By Sara Calabro
Here we are, about a month into fall. We’re a few days away from Halloween, about to officially enter the holiday season. This weekend we’ll turn back the clocks. Change is afoot.
As the days get darker and the holiday engine kicks into high gear, you may discover your body and mood shifting. Lower energy, higher stress levels, changes in sleep patterns, and digestive disturbances are all common this time of year.
If you notice yourself and the people around you changing in these or other ways in the coming months, remember: Change is good.
It doesn’t always feel that way. Change actually can be quite difficult, and many of us struggle with it. Whether it’s a big lifestyle change or slight alteration in routine, having to adapt sets us off our games.
I’m a champion change resister myself. I love my routines and tend toward situations I can predict and control. But acupuncture has been a big help to me in letting go of the reins a little bit.
In acupuncture theory, change is the primary ingredient for becoming a healthier person. Recognizing this allows us to approach all situations, regardless of how challenging, with greater hope and flexibility.
Why is change so hard?
Change is difficult primarily because we delude ourselves into believing that we can anticipate outcomes of the things we’re accustomed to. When things change, we don’t like it because now we can’t predict the outcomes. In an attempt to stay in control of our inherently out-of-control lives, we seek cut-and-dried explanations.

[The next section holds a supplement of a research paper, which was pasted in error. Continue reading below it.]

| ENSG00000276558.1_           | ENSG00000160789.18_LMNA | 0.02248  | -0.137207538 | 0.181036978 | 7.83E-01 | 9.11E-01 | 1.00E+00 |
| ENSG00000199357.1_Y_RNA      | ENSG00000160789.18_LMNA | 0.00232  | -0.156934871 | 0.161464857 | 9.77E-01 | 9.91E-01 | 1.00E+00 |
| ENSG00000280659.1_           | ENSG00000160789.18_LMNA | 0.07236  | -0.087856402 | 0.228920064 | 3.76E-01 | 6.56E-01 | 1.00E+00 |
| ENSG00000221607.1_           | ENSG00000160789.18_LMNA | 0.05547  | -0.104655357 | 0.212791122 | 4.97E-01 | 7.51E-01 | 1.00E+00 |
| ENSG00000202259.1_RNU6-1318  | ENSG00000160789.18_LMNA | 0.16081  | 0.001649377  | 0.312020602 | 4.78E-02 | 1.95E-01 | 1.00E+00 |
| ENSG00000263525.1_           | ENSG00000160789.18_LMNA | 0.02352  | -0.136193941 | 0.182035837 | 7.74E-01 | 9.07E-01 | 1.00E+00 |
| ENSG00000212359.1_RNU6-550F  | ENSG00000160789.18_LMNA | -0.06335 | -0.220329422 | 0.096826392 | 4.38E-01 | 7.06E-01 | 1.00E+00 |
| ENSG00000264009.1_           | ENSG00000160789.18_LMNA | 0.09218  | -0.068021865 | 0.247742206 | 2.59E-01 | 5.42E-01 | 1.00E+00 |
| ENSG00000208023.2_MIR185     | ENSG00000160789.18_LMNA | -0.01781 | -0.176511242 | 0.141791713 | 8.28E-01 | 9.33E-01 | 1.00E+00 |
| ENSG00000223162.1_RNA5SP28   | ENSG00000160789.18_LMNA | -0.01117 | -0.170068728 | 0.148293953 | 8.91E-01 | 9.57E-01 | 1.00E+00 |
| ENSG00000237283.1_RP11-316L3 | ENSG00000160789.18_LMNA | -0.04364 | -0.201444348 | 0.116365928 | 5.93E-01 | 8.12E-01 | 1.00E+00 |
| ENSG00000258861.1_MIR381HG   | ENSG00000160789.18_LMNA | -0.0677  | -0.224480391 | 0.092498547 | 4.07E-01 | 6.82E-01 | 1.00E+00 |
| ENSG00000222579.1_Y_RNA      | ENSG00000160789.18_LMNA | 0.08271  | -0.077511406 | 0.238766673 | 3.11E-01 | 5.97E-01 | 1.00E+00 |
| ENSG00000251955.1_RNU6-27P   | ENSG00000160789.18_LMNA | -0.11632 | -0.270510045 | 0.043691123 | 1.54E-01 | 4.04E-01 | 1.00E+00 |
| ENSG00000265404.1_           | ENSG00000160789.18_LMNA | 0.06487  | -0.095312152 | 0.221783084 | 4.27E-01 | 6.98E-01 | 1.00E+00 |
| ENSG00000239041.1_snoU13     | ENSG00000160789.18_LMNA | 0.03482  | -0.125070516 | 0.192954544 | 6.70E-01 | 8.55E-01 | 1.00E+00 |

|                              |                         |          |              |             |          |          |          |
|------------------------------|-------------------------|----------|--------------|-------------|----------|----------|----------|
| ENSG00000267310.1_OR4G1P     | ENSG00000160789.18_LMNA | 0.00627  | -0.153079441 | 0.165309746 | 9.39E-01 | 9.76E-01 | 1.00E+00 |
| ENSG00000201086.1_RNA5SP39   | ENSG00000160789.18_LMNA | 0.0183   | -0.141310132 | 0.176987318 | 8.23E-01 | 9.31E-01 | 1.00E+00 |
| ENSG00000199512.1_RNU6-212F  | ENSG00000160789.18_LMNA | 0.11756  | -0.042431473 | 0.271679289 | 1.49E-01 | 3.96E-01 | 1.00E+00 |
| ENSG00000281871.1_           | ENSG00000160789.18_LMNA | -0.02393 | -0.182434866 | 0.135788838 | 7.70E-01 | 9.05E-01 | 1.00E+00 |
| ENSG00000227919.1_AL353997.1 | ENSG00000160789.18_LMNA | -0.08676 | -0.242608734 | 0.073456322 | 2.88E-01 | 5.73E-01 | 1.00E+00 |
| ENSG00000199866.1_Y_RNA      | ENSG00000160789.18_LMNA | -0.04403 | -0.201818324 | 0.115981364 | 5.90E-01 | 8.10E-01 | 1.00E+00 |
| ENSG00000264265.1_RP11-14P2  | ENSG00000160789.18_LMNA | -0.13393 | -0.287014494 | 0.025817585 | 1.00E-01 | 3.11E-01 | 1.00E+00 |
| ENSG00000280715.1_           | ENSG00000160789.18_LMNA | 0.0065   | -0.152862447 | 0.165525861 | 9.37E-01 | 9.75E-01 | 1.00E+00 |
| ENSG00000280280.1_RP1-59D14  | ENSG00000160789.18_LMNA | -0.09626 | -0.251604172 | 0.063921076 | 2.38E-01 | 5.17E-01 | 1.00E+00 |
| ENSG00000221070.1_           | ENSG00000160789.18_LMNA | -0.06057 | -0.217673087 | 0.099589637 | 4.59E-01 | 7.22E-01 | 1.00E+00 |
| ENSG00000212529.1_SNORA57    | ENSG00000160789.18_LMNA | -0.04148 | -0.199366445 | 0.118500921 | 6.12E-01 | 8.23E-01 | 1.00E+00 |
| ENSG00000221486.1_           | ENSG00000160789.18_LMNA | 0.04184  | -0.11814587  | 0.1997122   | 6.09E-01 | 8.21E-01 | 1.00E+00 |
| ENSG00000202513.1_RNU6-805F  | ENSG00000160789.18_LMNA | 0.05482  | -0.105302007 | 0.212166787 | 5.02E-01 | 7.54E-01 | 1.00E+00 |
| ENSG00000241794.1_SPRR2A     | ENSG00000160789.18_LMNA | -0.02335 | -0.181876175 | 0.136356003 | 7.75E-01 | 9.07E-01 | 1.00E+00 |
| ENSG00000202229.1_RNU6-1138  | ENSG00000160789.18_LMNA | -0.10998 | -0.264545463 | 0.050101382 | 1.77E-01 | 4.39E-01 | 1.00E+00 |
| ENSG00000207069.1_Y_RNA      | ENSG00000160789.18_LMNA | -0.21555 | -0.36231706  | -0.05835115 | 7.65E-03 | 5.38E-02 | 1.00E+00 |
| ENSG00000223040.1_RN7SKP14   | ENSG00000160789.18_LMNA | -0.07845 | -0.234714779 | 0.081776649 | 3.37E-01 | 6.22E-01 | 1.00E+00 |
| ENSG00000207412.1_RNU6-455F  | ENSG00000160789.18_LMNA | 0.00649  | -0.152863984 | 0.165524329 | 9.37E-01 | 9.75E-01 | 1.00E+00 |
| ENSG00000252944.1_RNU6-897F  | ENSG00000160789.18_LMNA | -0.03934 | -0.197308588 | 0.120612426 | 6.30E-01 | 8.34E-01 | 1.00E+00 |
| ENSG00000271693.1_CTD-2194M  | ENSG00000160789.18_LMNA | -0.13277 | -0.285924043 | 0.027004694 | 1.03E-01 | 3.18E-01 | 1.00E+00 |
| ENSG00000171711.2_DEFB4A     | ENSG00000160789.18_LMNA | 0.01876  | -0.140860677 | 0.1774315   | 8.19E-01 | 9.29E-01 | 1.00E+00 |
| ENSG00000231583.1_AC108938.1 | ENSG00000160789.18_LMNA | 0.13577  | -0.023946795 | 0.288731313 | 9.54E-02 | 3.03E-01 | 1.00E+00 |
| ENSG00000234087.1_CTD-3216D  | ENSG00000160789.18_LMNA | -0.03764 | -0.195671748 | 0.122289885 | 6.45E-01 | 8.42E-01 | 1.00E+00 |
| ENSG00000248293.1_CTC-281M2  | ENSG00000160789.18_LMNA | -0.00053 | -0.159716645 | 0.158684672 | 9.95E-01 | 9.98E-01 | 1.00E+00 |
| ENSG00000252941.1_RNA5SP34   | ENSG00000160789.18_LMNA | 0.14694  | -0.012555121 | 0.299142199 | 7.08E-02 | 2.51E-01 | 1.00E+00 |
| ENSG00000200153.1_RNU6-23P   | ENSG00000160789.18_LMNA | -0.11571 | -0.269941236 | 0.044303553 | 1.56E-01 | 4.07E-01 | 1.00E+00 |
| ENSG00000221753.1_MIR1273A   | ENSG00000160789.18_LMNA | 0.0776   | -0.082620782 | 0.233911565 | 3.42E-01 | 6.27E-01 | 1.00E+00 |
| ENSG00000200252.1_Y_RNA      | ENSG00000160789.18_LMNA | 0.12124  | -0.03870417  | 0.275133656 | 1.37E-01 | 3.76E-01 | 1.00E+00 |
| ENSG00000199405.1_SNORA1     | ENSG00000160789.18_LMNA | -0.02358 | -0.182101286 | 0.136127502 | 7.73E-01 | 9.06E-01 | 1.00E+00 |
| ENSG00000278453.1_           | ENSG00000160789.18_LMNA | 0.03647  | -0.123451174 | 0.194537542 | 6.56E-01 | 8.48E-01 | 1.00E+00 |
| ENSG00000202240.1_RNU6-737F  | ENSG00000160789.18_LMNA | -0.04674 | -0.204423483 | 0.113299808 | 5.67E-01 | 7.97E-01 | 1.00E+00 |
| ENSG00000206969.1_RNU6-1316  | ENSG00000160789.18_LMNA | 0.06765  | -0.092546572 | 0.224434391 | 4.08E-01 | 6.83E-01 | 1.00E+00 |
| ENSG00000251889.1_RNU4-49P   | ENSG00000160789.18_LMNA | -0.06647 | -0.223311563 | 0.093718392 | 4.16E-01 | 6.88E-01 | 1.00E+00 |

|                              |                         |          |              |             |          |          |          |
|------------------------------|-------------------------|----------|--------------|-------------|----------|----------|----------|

In medicine, we express this in absolute labels. We’re either sick or we’re healthy. Our numbers are too high or too low. We’re happy or we’re depressed. Even when we find ourselves on the negative sides of these black-or-white scales, sometimes it’s preferable to ambiguity.
But here’s a reality: It’s all ambiguous. And another: Our unwillingness to accept this is a huge source of stress and anxiety.
Every minute of every day, we are changing.
You may be depressed one day and happy the next two. We tend to call that a depressed person who had a good couple of days. But maybe it’s a happy person who felt depressed one day.
This does not mean that someone who is legitimately depressed should skip psychotherapy and ditch her antidepressants. It means that change is constant and the potential to transition from one state to another is always there. Progress looks different for everyone.
Acupuncture on change
In between the extremes of biomedical diagnoses, or our own negative assessments of ourselves, subtle yet significant shifts occur. Acupuncture works in this gray area. It teaches us to appreciate context and relativity, to reflect on the small changes happening within and around us all the time.
The goal of an acupuncture treatment is not just to eliminate symptoms. Symptom relief is nice, but it’s done with an eye on shifting the underlying patterns of disharmony that are causing symptoms in the first place.
Acupuncture in the most basic sense is about moving things that are stuck. Sometimes symptoms go away immediately and sometimes they get worse before dissipating. In either case, movement—change—is happening.
Pathways to true healing are different for everyone, and they are rarely linear. From an acupuncture perspective, change is the only universal marker of progress. We are getting better as long as we are no longer the same.
And so, cozy up on those dark afternoons. Breathe through the holiday craziness. Recognize the cycle and embrace the shifts. Change of another kind is just around the corner. You’ve got this.
Photo by Sara Calabro
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